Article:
We all made for cover, I went into the building via the back door to the kitchen. The kitchen was about 20 feet wide by about 30 feet long. Just inside the back door, to the right, was the walk-in cooler. I hit the floor at the far end of the cooler, putting the cooler between me and the line of fire.

There must have been several planes in the line as the firing kept up for quite a long time--at least it seemed like a long time. After the firing stopped everything was completely silent, there was not a sound. I wondered if I was the only one still alive.

There was a line of preparation tables down the center of the room, with equipment and utensil storage drawers below, and ranges along the far wall at the other end of the room. Looking around I could not see another human being, everyone was obviously hugging the floor. Then I saw a hand rise up, pick up a spatula, turn over two eggs frying on the range, then replace the spatula and again disappear.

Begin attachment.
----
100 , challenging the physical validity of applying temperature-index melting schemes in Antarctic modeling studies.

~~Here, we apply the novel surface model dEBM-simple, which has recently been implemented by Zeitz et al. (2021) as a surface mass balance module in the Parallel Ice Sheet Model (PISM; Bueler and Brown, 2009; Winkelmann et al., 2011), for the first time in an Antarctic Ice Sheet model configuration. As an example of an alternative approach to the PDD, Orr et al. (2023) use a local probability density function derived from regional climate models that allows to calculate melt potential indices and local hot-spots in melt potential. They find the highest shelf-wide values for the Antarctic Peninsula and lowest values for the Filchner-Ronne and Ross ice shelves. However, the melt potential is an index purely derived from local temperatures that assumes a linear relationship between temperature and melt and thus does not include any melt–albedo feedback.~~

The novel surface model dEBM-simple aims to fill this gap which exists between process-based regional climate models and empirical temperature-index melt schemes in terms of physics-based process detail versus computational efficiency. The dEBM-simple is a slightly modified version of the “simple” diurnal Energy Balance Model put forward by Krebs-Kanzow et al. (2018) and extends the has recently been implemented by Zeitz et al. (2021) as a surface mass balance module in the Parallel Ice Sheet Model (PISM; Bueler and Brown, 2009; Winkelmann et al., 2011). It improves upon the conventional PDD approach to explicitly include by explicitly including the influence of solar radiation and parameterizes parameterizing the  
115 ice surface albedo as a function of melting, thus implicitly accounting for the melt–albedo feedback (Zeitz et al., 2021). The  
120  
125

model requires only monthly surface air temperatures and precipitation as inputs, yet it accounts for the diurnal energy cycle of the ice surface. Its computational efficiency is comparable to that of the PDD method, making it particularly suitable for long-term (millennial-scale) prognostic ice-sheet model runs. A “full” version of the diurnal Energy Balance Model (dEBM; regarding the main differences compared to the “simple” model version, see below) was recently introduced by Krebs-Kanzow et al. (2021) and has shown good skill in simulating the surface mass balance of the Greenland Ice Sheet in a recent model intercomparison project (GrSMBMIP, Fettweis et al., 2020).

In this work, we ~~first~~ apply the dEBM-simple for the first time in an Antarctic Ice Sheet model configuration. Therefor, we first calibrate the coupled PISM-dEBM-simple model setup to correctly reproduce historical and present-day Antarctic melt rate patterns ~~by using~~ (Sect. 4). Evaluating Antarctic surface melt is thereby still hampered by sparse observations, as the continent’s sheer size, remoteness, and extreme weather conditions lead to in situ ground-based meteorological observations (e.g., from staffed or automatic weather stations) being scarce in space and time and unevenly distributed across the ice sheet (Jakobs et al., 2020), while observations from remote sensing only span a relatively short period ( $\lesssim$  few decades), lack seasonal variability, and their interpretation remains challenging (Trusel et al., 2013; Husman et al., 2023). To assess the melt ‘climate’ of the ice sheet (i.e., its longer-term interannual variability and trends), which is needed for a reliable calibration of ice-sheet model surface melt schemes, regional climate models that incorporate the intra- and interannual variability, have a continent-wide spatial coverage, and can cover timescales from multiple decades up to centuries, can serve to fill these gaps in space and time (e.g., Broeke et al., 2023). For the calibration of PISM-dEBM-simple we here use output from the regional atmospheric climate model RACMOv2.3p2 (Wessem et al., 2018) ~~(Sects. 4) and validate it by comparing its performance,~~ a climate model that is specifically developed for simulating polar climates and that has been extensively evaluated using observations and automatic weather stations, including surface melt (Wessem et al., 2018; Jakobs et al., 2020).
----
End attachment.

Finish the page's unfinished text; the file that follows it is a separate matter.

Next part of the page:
Regardless of the circumstances, duty comes first.

I might add at this point that this was the 90th Field Artillery Battalion of the 25th Infantry Division, a Regular Army outfit.

When it seemed that the attack was over and people started stirring again I grabbed a plate, claimed the eggs, and sat down to eat my breakfast.

Friday, December 4, 2015

Putting Whiskey Rankings, Ratings, and Awards in Perspective.

You've seen the headlines. "Crown Royal Northern Harvest Rye Named Whiskey of the Year." Then the follow-up headlines. "Crown Royal Northern Harvest Rye Flying Off the Shelves."